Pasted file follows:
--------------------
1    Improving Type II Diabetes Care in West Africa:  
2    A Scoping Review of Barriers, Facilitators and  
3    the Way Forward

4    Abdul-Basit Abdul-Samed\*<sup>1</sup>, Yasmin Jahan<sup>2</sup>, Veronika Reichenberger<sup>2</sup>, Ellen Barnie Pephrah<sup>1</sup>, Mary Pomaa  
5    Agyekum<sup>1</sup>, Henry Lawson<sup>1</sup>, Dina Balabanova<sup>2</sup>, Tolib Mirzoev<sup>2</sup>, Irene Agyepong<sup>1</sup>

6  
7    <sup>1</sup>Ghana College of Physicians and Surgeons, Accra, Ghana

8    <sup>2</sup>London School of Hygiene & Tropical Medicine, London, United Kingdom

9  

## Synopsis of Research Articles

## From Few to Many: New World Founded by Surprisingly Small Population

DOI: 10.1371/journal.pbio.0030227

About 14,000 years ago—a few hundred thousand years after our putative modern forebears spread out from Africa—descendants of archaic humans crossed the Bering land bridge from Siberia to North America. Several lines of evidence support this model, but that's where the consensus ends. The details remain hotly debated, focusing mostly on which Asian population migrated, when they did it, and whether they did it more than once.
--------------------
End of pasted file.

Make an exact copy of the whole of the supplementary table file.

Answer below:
1    Improving Type II Diabetes Care in West Africa:  
2    A Scoping Review of Barriers, Facilitators and  
3    the Way Forward

4    Abdul-Basit Abdul-Samed\*<sup>1</sup>, Yasmin Jahan<sup>2</sup>, Veronika Reichenberger<sup>2</sup>, Ellen Barnie Pephrah<sup>1</sup>, Mary Pomaa  
5    Agyekum<sup>1</sup>, Henry Lawson<sup>1</sup>, Dina Balabanova<sup>2</sup>, Tolib Mirzoev<sup>2</sup>, Irene Agyepong<sup>1</sup>

6  
7    <sup>1</sup>Ghana College of Physicians and Surgeons, Accra, Ghana

8    <sup>2</sup>London School of Hygiene & Tropical Medicine, London, United Kingdom

9  

## Synopsis of Research Articles

## From Few to Many: New World Founded by Surprisingly Small Population

DOI: 10.1371/journal.pbio.0030227

About 14,000 years ago—a few hundred thousand years after our putative modern forebears spread out from Africa—descendants of archaic humans crossed the Bering land bridge from Siberia to North America. Several lines of evidence support this model, but that's where the consensus ends. The details remain hotly debated, focusing mostly on which Asian population migrated, when they did it, and whether they did it more than once.